Welcome Fun and Frolics in the Snow
In Oberland, the ninth book in Dorothy Richardson’s Pilgrimage series, Miriam Henderson takes a fortnight’s trip to the Bernese Oberland region of Switzerland. This holiday, arranged and paid for by her employer, proved to not only be a respite for Miriam, but for me too! Miriam’s enchantment at the breath-taking scenery left me exhilarated and longing for a snowy winter wonderland of my own (time to deliver, polar vortex!).
Dorothy Richardson’s exquisite writing always makes the occasional wrangling required by the text worthwhile, and the descriptions in Oberland are no exception.
They were off, gliding swiftly over the snow, gay voices mingling with the sound of bells, silvery crashings going to the rhythm of a soundless trit-trot. Every moment her own horse threw up a spray of tinkles, promising the fairy crashing that would ring upon the air against the one now rapidly receding. The mountains frowning under the grey sky and the snowfields beyond the flattened expanse round the station came to life listening to the confidently receding bells….. the sleigh leapt to the pull of the horse, and glided smoothly off. Its movement was pure enchantment. No driving on earth could compare to this skimming along on hard snow to the bells that was higher than that of those gone on ahead and seemed to challenge them with an overtaking eagerness.
The tone of Oberland is very different from the previous few volumes, and I was quite relieved to be free from the angst of Miriam’s London life, at least for a little while. After an initial reluctance to participate in snow-related activities, Miriam begins to relax and it was lovely to find her embracing the fun of tobogganing and thoroughly enjoying herself in the process. While her limited financial means prevented her from learning to ski herself, she happily joined the fellow holiday-makers who were enjoying the spectacle of the ski-ing, tobogganing, as well as the more daring ski-jumpers.
While Miriam’s mood had been clearly improved by the fresh air and scenery, her relaxation was not total. When she begins to form a friendship with another guest in the hotel, Mrs Harcourt, she has to grapple with her inner response to flee from an attachment being formed, so ingrained is her need for independence and solitude.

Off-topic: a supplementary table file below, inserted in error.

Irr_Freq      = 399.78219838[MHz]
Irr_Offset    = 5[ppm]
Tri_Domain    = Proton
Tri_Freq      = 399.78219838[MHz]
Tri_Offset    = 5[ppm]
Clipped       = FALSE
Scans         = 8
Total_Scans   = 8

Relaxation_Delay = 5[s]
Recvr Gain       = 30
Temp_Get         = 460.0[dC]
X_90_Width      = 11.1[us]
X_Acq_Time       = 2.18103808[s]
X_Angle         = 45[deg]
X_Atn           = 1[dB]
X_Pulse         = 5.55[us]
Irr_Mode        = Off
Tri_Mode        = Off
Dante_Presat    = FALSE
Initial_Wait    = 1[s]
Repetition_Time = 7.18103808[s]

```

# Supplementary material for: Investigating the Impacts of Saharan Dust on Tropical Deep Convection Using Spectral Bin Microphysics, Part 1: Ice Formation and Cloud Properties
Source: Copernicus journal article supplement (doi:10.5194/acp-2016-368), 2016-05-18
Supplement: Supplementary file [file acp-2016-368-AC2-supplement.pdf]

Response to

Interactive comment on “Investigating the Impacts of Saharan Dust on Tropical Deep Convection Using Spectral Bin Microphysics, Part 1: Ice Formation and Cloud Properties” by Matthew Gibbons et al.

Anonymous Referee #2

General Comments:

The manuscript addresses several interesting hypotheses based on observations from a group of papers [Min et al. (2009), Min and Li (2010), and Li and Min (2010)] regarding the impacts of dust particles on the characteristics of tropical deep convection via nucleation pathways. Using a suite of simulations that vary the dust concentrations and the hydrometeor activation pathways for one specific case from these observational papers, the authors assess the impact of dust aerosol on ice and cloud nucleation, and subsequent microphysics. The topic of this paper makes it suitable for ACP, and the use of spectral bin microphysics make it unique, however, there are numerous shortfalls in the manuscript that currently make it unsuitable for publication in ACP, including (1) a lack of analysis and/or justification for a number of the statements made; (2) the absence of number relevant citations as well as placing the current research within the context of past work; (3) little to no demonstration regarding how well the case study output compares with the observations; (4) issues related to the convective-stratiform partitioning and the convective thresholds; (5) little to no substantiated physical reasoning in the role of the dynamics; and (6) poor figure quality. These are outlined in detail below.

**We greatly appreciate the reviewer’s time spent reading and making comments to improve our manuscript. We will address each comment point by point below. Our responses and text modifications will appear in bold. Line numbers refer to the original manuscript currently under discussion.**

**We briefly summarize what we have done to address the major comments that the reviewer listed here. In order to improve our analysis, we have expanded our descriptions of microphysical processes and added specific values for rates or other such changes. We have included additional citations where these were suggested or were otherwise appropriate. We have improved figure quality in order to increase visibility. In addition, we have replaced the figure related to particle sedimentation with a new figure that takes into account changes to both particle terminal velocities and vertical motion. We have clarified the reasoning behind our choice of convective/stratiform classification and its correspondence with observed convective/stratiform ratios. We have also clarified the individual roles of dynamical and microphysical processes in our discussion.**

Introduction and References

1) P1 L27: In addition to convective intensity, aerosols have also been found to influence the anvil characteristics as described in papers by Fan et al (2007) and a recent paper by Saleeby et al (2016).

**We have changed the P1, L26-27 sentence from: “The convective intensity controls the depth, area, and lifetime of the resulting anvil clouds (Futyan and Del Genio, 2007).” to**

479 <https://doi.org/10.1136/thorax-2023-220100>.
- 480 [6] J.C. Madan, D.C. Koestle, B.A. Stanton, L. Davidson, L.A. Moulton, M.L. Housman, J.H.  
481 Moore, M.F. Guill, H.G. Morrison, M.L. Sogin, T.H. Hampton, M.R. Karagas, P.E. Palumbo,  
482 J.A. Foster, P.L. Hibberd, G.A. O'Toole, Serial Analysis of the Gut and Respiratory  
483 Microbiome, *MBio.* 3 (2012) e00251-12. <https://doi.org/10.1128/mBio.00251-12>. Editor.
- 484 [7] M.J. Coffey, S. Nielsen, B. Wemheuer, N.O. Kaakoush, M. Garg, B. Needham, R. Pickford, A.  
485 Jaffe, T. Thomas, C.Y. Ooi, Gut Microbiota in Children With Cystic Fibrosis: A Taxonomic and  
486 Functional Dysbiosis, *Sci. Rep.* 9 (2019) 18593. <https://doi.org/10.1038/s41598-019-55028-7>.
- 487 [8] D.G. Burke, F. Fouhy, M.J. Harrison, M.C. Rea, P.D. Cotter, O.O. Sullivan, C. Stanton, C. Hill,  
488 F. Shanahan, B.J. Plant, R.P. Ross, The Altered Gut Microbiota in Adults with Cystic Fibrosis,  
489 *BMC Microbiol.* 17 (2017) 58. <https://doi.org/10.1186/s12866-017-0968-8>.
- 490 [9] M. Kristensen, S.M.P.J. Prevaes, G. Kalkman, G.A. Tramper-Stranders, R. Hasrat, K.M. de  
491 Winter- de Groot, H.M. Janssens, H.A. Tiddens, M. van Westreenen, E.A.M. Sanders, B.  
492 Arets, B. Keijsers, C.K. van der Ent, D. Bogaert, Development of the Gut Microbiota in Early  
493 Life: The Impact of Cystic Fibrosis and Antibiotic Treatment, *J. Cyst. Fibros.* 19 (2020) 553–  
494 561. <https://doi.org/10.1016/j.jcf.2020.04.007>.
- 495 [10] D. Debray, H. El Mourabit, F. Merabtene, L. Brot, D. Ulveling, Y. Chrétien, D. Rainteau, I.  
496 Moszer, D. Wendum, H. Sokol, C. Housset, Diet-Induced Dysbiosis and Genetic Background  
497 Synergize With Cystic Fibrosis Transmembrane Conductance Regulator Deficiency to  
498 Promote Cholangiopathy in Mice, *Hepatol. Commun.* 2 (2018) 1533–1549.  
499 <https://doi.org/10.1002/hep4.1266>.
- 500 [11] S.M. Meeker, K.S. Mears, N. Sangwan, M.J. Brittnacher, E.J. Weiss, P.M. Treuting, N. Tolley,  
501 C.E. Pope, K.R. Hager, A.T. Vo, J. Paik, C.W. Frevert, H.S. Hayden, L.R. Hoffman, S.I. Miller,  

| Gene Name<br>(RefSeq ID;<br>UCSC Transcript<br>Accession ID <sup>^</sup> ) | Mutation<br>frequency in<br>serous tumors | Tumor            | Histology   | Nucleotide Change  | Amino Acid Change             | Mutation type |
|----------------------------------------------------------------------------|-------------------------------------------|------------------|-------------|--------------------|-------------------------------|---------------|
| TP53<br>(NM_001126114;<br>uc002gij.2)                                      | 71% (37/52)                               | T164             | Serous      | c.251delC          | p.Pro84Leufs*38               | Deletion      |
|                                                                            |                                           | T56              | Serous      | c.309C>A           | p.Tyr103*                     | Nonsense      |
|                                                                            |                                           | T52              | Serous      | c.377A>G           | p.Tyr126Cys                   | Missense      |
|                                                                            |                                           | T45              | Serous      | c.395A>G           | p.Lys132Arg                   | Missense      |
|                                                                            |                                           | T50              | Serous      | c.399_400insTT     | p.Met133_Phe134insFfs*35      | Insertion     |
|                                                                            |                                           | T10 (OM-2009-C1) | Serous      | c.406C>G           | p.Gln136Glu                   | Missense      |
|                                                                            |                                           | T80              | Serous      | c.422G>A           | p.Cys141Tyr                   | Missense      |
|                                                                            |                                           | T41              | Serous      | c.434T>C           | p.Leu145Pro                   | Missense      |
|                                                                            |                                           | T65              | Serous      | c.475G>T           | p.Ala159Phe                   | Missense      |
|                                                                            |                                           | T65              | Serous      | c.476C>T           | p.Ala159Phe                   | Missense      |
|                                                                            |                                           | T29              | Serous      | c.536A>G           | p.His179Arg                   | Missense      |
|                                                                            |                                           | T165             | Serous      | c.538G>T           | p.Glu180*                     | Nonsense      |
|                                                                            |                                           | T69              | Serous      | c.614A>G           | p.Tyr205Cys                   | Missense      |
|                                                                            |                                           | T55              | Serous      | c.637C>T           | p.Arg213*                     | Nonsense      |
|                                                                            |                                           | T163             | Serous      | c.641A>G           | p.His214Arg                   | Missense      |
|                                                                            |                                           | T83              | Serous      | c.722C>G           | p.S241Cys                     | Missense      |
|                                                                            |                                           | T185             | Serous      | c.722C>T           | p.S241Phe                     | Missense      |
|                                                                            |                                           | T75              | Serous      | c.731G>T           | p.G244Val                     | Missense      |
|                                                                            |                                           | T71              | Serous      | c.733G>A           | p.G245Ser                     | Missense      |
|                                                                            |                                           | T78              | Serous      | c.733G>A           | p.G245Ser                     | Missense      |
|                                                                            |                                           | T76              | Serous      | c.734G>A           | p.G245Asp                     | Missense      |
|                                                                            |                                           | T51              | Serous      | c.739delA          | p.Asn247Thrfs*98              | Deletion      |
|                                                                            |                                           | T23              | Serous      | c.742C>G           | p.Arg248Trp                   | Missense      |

The warning voice was crying aloud now, urging her not only to escape before the treasures of arrival and of strangeness were lost beyond recovery, but to save also the past, disappeared round the corner, yet not out of sight but drawn closely together in the distance, a swiftly moving adventure, lit from point to point by the light in which to-day she had bathed forgetful.
Even a little talk, a little answering of questions, would falsify the past. set in her own and in this woman’s mind in a mould of verbal summarizings, it would hamper and stain the brightness of tomorrow.
She found herself hardening, seeking generalizations that would cool and alienate, and was beseiged by memories of women whom she had thus escaped. And of their swift revenge.
She might still struggle with social awkwardness, but she does form an attachment of sorts with the Italian Guerini, although she seems to be attracted by his continental otherness, and can’t contemplate the thought of him being in London. This could also be because she has left complications in London, with her relationship with Hypo, referred to in uncertain terms.
Overall, I really enjoyed Oberland. It lacked the opacity of some of the other novels, and while I do enjoy many of Richardson’s descriptions of Miriam’s London flânerie, a holiday in the snow made a refreshing change of scene. I’m now feeling reinvigorated, and ready to crack on with the final novels in this magnificent series.